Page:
Broken processes are like broken promises – they cause frustration and unnecessary anguish. What I mean by broken processes is organizational procedures that are specified one way yet occur another way in reality. Two of my most hated phrases are “should have” and “supposed to”. For example, “It should have happened like this (but that’s not how we really do it)” or “It is supposed to go through these steps (but we never do that)”. When we start injecting “should have” and “supposed to” into describing our procedures, it means we are ignoring the truth of what is actually going on.
When we view our procedures and practices through rose-colored glasses–laying out the perfect plan yet not adhering to it–we set ourselves and our teams up for failure. As a process is established, the expectation is those are the steps that should occur to reach the desired outcome. When we have broken processes, like broken promises, what we expect and what we experience do not match. Using a simple example: A door marked Exit should allow us to leave a location. If the door does not open and stops us from leaving, we have to find another way around, which is aggravating. We expected the door to open since the sign indicated it was an Exit. However, the door did not open, and upon further investigation, it is missing a handle and needs repair. This hypothetical situation gets even more frustrating if other people knew about the broken Exit door; yet the door remained out of order, and everyone else just found another Exit.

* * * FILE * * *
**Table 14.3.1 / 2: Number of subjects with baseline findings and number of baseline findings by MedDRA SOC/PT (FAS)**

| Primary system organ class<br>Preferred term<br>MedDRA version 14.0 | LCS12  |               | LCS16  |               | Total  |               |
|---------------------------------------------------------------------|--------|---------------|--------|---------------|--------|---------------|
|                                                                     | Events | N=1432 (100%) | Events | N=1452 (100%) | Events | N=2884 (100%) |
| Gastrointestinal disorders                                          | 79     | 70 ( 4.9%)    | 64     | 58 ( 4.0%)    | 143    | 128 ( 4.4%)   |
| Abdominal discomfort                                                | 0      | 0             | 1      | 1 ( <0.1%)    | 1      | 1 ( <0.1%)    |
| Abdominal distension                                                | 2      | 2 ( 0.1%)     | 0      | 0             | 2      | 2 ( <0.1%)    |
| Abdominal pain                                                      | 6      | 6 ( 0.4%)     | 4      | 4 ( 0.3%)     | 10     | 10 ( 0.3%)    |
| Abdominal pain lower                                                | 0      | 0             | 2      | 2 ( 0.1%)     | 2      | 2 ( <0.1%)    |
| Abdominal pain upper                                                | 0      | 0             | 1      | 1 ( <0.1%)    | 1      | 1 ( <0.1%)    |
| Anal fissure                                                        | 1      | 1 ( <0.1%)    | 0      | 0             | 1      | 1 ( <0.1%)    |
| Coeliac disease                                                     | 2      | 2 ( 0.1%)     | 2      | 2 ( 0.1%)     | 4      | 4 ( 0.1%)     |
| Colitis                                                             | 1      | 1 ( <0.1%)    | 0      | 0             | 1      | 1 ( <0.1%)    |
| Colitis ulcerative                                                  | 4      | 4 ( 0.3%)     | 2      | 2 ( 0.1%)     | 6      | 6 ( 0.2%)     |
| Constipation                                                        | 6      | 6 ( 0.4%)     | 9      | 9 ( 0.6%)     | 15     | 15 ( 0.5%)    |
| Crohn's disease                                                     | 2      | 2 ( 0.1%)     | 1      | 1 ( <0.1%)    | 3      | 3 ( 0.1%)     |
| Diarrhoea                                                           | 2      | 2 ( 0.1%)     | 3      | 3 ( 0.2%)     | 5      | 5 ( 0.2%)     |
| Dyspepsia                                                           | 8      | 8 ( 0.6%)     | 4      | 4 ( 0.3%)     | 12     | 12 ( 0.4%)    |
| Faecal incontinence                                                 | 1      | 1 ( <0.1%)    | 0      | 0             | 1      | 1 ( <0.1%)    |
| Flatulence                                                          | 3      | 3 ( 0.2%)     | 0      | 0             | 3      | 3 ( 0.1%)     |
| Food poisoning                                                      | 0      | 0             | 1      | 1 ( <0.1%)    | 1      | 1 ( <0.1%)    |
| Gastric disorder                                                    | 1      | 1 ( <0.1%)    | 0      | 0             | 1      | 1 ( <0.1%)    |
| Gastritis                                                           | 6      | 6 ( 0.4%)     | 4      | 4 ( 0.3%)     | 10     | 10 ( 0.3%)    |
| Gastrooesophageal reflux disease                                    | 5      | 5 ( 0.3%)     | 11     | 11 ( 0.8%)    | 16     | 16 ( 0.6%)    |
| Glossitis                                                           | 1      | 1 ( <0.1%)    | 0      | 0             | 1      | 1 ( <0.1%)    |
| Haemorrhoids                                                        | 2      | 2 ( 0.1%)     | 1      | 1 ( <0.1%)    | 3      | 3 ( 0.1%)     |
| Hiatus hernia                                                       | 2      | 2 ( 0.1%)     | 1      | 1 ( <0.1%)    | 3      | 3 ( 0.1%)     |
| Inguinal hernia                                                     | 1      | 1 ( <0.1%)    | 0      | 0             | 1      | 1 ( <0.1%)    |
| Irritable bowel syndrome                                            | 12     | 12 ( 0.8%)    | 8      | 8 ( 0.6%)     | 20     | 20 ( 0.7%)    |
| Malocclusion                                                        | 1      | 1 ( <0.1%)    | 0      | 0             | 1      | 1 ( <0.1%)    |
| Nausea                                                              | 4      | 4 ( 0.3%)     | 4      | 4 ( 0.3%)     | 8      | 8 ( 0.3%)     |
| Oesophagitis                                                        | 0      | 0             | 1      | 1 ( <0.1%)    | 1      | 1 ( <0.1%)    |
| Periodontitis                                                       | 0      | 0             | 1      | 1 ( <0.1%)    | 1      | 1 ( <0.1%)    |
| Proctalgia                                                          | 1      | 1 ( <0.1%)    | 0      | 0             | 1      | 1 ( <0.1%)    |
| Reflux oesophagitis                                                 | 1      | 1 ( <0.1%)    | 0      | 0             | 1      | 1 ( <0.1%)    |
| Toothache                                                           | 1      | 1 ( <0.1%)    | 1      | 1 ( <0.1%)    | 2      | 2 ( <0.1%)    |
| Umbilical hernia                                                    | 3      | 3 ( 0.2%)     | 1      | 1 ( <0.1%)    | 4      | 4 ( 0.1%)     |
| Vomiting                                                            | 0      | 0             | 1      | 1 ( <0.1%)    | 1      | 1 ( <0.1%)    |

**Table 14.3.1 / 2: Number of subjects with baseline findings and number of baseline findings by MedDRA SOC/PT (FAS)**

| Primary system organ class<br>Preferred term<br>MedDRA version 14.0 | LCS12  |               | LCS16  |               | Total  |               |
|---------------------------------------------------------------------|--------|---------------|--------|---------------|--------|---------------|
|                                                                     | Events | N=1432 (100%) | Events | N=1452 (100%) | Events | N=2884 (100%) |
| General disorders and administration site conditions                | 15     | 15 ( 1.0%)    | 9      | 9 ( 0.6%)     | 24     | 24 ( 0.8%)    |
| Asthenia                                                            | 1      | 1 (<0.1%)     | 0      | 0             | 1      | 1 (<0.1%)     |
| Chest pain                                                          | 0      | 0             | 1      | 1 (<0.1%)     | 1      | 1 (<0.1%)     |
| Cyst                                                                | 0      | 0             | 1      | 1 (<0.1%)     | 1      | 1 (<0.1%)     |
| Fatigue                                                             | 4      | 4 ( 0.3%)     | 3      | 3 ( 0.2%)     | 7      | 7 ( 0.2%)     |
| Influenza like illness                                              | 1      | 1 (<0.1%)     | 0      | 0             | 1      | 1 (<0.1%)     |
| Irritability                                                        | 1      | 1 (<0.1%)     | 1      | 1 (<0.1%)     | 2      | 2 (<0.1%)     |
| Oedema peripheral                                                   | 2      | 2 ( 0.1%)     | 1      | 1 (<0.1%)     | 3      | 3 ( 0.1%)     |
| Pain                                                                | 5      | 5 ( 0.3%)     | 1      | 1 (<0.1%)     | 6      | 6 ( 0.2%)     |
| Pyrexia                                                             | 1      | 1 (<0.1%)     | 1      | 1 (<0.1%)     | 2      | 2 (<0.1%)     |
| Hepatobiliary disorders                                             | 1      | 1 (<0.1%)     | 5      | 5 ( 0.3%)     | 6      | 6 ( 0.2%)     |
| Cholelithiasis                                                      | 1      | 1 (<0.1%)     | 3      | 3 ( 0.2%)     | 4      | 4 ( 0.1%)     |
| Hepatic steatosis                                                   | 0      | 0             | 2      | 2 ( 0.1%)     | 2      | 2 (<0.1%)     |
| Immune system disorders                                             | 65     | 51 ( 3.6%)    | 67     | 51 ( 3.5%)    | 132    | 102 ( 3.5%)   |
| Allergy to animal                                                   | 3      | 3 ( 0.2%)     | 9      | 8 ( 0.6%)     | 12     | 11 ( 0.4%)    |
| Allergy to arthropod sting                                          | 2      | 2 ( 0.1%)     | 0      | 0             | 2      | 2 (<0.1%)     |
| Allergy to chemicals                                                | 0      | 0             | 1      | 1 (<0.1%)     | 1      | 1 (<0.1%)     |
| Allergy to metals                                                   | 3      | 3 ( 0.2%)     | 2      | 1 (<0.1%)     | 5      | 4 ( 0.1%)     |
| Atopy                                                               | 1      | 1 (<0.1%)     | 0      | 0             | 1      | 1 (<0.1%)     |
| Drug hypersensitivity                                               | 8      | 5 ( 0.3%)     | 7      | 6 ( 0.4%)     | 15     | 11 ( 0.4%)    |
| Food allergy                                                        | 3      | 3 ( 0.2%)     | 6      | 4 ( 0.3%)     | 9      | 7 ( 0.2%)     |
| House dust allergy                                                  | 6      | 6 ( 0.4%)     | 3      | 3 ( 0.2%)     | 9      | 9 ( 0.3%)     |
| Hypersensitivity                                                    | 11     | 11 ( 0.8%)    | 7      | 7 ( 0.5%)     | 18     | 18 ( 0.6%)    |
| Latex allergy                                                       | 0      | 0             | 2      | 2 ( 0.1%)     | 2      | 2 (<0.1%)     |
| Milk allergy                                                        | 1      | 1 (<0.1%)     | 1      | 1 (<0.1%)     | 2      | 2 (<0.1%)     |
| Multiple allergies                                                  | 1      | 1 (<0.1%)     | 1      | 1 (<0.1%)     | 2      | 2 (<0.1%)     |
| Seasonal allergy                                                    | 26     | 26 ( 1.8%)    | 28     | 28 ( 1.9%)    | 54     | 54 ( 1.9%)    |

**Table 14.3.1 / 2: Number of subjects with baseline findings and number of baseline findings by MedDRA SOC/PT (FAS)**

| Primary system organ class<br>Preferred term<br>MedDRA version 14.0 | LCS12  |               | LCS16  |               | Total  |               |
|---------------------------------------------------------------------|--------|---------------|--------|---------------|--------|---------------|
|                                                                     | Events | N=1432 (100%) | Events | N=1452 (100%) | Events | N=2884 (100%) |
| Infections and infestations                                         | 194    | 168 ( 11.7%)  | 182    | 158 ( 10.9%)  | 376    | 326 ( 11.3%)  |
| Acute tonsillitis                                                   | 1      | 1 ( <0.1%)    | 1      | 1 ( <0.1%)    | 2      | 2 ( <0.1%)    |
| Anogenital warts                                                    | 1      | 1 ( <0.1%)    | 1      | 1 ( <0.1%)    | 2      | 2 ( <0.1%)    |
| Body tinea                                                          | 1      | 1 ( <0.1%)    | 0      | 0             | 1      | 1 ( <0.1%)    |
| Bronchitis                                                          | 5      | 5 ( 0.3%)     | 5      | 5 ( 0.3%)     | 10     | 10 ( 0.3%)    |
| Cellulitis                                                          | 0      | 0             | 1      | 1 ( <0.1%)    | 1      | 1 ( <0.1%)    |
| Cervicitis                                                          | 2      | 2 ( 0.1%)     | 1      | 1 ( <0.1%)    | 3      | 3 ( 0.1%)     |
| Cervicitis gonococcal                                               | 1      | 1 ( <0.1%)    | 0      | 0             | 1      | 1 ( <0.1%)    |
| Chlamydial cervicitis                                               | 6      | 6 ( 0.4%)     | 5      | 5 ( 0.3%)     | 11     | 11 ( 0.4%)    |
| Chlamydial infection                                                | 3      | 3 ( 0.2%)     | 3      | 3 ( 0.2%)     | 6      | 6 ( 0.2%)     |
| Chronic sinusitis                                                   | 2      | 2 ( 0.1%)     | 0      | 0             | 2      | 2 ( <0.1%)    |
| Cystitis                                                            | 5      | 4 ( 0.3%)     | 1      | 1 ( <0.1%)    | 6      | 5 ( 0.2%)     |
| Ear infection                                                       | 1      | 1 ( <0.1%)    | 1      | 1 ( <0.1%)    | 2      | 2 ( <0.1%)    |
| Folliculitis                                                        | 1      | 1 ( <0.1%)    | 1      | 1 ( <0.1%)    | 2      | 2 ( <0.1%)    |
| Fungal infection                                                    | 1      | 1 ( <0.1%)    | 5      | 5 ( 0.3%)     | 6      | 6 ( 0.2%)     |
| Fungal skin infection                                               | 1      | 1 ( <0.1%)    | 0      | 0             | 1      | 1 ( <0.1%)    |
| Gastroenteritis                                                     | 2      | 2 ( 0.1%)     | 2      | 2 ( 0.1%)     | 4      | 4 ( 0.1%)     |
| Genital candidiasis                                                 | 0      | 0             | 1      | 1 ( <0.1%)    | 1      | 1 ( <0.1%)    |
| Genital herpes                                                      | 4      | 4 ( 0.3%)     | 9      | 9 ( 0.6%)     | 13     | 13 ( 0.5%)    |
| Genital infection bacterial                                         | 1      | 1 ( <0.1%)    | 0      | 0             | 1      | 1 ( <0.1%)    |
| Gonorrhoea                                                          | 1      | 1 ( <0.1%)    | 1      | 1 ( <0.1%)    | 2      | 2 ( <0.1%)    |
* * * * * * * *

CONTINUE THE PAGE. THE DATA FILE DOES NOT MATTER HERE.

Broken procedures and broken promises lead to a lack of trust. By specifying procedures and policies, we are stating the methods that are expected to accomplish goals. When those procedures are ignored or altered by us as leaders or by our team members, the precedent is set that following procedures is optional or just a suggestion. While some organizational processes can be altered based on the situation or the person, many should be followed for safety, regulatory requirements, consistency, quality or other reasons. The importance of this is that broken processes can directly affect the productivity of the team either through inefficient work or through an undercurrent of mistrust in the team. So the question is, what do we do about it as leaders?
The first thing is to make sure we are leading by example. If there is a procedure, we need to follow it first. Second, if the process occurs in an alternate way other than stated for whatever reason, we need to investigate and not turn a blind eye to it. Potentially, it was a one-time occurrence due to extenuating circumstances, but if the process continues to flow in a manner that is not expected, it is our responsibility to figure out why. Maybe the new process flow is actually better! In that case, it is up to us to handle the change management so the entire team is aware and expectations are realigned.
However, many times processes are altered because the specified flow was not feasible in the first place, and people just did what they had to do to get the job done. With that type of situation, we need to be honest with ourselves and our teams. We need to figure out the true state of affairs and outline what needs to happen and then create the action plan to change over. The important thing is to communicate to the team, our superiors, and the organization so that broken processes, like broken promises, can be repaired.
CEO, The Professional Development Team